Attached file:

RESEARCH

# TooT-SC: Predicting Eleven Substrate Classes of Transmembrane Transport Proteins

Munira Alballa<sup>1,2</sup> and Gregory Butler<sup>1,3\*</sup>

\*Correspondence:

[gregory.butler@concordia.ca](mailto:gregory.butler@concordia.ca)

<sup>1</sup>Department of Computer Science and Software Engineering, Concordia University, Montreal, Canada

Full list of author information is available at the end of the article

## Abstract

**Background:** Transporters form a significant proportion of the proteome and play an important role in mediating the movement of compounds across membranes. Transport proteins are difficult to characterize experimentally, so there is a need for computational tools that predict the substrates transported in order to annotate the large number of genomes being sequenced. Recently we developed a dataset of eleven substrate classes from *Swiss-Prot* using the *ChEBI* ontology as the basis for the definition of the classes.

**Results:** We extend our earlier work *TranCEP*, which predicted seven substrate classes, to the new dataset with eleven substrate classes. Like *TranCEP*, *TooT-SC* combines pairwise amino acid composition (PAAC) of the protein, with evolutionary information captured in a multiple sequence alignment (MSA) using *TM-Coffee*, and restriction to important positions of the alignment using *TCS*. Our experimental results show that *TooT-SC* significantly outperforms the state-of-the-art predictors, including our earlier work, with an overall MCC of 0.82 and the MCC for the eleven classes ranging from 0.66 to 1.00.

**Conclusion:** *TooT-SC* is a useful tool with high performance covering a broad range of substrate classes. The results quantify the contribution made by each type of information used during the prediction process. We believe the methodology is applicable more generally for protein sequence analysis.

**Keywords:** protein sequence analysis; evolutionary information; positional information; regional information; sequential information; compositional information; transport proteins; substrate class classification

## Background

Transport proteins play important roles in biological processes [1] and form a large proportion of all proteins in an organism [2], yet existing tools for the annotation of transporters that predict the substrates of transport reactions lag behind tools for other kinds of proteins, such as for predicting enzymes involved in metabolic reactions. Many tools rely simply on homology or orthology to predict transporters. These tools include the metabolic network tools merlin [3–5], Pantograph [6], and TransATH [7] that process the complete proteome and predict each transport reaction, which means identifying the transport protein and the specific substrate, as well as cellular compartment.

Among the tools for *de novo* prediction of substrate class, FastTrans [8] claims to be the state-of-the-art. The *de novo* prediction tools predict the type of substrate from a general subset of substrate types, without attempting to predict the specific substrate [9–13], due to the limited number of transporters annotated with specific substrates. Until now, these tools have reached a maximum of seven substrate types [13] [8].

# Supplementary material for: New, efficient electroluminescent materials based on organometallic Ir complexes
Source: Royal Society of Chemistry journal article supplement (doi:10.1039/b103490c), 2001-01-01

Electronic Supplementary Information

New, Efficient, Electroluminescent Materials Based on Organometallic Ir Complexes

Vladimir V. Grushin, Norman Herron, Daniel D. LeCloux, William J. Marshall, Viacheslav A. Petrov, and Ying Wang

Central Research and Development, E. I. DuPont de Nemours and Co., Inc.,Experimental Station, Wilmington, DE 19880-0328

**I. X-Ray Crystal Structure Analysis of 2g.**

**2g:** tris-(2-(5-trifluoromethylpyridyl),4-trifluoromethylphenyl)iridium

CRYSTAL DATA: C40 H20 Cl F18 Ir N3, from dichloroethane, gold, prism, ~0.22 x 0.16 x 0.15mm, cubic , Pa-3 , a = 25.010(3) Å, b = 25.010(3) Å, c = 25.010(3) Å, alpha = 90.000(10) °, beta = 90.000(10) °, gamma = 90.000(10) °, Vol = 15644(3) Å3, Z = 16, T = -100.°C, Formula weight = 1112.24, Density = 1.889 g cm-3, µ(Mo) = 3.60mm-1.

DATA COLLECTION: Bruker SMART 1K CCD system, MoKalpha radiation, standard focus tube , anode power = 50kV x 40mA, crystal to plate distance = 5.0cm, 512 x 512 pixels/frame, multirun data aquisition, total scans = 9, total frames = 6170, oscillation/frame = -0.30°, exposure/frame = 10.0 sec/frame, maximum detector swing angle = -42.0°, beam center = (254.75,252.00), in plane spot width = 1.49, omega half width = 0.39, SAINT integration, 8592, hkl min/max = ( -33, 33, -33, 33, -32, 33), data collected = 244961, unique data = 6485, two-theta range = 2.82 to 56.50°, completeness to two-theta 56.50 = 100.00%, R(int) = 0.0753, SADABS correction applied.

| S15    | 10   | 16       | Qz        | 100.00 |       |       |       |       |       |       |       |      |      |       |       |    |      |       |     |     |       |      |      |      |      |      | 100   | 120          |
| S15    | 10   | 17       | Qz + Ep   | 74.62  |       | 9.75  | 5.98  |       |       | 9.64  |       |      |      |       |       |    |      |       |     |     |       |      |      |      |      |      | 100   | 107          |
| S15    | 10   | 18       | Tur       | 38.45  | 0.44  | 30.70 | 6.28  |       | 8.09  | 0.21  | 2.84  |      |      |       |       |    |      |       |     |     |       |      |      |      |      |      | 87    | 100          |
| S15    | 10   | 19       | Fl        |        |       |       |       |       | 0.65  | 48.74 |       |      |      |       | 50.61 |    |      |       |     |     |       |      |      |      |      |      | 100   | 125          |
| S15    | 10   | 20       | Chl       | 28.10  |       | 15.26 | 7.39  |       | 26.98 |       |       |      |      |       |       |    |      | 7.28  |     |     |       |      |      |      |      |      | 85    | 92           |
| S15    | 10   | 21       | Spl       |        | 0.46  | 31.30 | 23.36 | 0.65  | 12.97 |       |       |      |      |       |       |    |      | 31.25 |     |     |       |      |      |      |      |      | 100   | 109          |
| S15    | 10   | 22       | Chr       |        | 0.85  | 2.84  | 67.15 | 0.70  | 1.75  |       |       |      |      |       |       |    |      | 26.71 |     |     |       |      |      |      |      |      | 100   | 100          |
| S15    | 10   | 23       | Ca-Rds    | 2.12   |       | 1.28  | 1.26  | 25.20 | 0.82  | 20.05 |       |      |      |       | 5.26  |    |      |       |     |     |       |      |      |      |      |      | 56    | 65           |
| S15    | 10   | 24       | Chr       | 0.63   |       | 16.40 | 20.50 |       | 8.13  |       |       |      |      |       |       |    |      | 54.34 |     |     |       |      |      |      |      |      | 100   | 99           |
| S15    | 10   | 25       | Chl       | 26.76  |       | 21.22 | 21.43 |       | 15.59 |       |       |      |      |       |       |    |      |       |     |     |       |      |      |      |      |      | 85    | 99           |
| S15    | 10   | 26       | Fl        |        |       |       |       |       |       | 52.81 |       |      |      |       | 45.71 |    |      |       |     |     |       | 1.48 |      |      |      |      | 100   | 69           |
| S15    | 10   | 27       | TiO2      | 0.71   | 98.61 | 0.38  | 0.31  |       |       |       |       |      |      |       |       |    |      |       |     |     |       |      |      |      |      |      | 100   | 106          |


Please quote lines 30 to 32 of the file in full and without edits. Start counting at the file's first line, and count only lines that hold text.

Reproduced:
| S15    | 10   | 20       | Chl       | 28.10  |       | 15.26 | 7.39  |       | 26.98 |       |       |      |      |       |       |    |      | 7.28  |     |     |       |      |      |      |      |      | 85    | 92           |
| S15    | 10   | 21       | Spl       |        | 0.46  | 31.30 | 23.36 | 0.65  | 12.97 |       |       |      |      |       |       |    |      | 31.25 |     |     |       |      |      |      |      |      | 100   | 109          |
| S15    | 10   | 22       | Chr       |        | 0.85  | 2.84  | 67.15 | 0.70  | 1.75  |       |       |      |      |       |       |    |      | 26.71 |     |     |       |      |      |      |      |      | 100   | 100          |